Every group is unique and individual student needs as well as whole group goals must be taken into account when establishing a community circle practice. No matter your situation, here are a few guidelines to consider:

  • One person talks at a time during community circle (as indicated by a “talking stick” or other speaker device).
  • Respect the speaker by giving them your eyes and ears.
  • Not everyone is required to speak, you may always pass to the next person in the circle.

Discussions in community circle can include recognitions for other students or groups. Students should be able to describe why this person is being recognized. Go back to your agreements. Who is doing things well? This is also a time for students to apologize to the group for inappropriate behavior and talk about goals for the following week. Sentence stems can offer support for those who struggle to communicate their point. 

Community Circle Topics or Sentence Starters:

  • I would like to recognize (student) for (specific action) which showed (character trait).
  • I would like to apologize to (student/class) for (specific reason). I take responsibility by (reparation).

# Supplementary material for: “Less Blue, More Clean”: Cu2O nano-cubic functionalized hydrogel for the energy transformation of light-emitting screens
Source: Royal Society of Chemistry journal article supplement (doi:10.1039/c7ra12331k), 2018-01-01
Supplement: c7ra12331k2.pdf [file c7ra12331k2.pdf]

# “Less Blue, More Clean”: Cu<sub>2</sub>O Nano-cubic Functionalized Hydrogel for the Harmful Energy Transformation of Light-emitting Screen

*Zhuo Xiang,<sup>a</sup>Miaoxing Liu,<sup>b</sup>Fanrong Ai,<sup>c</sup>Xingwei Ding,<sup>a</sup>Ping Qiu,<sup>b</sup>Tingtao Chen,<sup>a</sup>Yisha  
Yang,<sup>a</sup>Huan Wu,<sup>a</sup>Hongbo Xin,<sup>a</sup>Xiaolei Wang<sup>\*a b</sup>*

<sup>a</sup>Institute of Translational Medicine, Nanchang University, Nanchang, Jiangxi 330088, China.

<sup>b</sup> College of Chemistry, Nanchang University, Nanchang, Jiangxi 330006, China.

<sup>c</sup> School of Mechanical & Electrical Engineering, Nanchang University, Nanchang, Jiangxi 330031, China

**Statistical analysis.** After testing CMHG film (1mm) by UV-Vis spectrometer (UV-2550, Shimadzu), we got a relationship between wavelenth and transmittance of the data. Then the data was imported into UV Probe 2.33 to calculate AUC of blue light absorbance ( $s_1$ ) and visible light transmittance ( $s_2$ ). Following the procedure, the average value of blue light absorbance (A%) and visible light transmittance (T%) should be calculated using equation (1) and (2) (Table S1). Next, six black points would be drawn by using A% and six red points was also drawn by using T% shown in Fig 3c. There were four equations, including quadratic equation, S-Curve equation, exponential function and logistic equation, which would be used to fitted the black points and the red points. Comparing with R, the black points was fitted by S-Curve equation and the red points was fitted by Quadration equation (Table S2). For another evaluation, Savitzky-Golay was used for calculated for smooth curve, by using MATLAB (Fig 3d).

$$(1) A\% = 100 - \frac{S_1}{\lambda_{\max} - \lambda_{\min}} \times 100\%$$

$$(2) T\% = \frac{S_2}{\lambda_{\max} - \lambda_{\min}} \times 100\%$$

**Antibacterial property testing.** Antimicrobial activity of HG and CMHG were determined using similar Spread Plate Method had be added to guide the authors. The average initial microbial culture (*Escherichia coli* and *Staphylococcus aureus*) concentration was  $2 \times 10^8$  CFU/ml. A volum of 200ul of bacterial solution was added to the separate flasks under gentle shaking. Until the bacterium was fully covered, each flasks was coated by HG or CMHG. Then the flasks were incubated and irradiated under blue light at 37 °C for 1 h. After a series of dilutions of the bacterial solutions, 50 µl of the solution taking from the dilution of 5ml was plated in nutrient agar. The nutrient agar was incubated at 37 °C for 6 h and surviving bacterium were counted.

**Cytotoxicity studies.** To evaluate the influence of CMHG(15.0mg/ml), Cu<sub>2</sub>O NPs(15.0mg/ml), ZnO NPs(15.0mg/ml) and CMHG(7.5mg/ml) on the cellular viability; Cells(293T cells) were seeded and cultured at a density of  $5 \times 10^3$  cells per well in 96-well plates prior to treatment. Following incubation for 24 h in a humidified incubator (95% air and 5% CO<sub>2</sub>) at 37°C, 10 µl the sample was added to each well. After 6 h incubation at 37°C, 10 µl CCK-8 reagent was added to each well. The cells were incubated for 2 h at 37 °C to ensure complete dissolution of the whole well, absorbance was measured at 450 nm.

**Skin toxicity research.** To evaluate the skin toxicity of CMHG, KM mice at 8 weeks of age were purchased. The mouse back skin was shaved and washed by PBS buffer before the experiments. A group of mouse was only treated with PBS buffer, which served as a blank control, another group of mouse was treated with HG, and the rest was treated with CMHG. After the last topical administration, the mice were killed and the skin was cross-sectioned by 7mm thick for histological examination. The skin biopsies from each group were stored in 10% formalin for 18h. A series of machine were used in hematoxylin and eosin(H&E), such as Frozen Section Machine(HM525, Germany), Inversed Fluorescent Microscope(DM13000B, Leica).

• Next week I hope (I/we) can (goal).

Make it Yours, and Theirs

No matter the route taken for classroom management and community building, student needs must always be considered. No one knows these needs better than the educators leading them. Build a classroom system with student success in mind and you can have a classroom that gets things done. Build a classroom community and you can have a group of individuals who take ownership of their role in their own learning as well as the learning of others.  


Building a climate where all students can reach their potential requires a comprehensive system of positive behavior interventions and supports (PBIS). Voyager Sopris Learning provides resources that promote caring and respect in the classroom and address behaviors that distract from teaching and learning:

School Climate Solutions